Nassoura's subsequent statement that he knew that appellant was up to no good when he drove him to the robbery site does not materially alter the crucial fact that, whatever Nassoura's knowledge of appellant's intent, he nonetheless drove appellant to the scene and watched him rob the victim.
Finally, the inclusion of Nassoura's criminal record would not have altered the finding of probable cause. First, it is probable that having a criminal record would explain in part why appellant asked Nassoura to participate in the robbery. Second, appellant does not contend that Nassoura's crimes were ones involving perjury or false statements. A criminal record, no matter how lengthy, does not necessarily impugn one's veracity. And Nassoura's criminal record has no bearing on his intimate knowledge of the crime.
Although this is not a case where the affidavit was supported by police corroboration, Paradis, 802 F.2d at 558, it is also not a case where the magistrate was misled into believing two people were one, United States v. Curry, 751 F.2d 442, 449-50 (1st Cir. 1984). We do not find the district court's determination that no Franks hearing was required to be clearly erroneous. We are not persuaded that appellant has made a preliminary showing that the omissions were material. There was, therefore, no reason to hold a Franks hearing.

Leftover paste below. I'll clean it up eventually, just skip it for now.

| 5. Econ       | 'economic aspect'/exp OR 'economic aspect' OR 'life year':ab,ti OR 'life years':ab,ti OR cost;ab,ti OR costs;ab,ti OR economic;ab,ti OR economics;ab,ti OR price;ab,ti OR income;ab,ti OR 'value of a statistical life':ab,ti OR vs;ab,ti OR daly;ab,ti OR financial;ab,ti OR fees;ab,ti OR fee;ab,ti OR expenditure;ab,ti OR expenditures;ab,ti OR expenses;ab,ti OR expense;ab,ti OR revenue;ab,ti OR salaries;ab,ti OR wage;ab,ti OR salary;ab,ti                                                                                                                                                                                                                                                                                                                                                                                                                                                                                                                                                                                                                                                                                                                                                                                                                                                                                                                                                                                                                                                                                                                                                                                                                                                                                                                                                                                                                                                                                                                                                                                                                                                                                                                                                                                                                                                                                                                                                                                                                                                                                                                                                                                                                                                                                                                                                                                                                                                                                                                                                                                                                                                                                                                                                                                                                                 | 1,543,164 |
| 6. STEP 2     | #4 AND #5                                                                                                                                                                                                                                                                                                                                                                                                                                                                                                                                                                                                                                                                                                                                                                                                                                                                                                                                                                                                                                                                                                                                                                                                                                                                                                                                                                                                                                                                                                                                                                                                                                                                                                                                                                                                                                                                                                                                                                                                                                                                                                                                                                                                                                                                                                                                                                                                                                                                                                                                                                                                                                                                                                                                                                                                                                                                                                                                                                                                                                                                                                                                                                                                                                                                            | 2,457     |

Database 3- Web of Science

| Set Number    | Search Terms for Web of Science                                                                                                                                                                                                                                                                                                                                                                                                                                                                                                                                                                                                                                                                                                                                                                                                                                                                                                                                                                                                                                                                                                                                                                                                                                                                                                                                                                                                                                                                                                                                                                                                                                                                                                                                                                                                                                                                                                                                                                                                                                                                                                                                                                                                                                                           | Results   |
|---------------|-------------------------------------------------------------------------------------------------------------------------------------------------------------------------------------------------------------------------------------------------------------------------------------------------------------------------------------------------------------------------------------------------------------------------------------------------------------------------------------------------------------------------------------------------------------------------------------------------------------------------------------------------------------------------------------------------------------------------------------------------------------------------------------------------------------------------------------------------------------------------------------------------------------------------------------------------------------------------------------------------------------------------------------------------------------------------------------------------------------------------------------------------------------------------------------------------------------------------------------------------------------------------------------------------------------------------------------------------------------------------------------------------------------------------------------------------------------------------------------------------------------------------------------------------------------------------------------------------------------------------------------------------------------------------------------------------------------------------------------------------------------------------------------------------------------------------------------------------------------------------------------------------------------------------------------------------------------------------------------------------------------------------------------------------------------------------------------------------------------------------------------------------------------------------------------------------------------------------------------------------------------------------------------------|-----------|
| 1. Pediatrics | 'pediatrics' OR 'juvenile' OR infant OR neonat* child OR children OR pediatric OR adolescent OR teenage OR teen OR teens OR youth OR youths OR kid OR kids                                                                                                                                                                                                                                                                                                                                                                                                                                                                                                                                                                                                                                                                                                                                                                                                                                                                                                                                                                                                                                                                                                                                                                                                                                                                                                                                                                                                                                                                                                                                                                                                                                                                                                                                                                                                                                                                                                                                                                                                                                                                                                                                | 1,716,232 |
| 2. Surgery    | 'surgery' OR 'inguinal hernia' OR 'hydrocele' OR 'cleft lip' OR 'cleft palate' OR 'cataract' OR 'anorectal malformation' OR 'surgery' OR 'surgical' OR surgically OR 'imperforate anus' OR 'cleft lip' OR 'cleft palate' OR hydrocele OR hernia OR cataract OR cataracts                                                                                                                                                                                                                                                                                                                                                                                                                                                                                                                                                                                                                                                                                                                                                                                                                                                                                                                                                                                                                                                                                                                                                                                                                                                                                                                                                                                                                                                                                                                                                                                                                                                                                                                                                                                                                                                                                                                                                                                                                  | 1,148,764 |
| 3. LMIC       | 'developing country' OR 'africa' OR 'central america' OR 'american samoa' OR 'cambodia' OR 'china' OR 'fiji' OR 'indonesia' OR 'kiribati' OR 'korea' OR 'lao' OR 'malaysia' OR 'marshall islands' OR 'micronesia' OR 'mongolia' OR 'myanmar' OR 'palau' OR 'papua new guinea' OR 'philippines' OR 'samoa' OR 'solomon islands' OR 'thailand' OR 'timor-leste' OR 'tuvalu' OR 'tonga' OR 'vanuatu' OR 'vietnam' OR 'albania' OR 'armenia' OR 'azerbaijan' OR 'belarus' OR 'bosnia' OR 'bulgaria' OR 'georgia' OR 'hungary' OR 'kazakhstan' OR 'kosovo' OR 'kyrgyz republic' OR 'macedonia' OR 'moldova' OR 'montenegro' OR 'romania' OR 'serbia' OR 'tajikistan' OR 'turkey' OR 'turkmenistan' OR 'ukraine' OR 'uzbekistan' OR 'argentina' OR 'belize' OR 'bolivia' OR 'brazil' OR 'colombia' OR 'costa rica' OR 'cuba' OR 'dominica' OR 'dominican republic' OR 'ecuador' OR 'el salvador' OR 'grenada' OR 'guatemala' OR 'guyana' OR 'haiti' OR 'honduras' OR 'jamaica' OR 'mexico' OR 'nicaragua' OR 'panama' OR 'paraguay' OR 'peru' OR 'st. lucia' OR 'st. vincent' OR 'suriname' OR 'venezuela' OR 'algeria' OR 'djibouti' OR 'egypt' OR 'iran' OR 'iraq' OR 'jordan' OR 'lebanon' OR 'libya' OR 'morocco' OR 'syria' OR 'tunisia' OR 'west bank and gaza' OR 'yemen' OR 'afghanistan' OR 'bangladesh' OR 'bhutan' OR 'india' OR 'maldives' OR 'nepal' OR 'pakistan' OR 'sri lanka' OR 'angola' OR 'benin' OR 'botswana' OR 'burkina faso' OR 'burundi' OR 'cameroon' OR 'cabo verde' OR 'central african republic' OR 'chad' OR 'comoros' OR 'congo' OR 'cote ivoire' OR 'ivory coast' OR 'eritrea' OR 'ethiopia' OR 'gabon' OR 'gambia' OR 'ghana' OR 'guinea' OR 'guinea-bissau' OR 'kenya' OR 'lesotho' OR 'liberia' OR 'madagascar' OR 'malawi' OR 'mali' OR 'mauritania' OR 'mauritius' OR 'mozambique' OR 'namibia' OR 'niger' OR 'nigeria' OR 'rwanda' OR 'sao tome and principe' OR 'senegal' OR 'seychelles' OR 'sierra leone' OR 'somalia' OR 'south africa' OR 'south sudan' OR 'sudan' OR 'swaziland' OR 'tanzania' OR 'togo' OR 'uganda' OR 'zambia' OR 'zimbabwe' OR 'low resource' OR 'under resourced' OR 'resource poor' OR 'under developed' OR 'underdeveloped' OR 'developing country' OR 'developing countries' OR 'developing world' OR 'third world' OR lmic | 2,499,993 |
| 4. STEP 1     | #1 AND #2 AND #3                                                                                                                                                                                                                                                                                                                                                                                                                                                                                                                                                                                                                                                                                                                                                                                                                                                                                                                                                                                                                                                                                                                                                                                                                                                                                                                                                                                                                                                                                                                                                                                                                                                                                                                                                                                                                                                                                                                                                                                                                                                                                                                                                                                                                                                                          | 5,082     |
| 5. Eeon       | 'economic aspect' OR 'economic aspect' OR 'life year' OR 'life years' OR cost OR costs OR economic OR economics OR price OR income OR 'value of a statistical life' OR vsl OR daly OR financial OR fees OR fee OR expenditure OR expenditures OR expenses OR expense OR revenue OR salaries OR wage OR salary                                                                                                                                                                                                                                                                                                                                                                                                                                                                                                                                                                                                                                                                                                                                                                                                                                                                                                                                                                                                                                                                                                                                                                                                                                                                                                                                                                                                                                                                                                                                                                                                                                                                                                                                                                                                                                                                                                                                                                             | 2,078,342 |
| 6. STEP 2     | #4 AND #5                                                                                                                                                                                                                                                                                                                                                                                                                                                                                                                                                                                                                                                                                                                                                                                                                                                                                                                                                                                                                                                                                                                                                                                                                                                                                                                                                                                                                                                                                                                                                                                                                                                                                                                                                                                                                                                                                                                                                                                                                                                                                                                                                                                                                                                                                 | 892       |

A conviction under Sec. 1202(a) (1) requires proof of three elements: (1) the accused is a convicted felon; (2) who knowingly possessed a firearm; (3) which was connected with interstate commerce. See United States v. Robinson, 756 F.2d 56, 58 (8th Cir. 1985). On appeal, appellant does not challenge his prior conviction or that the handgun travelled in interstate commerce. Rather, he contends that he did not knowingly possess the handgun.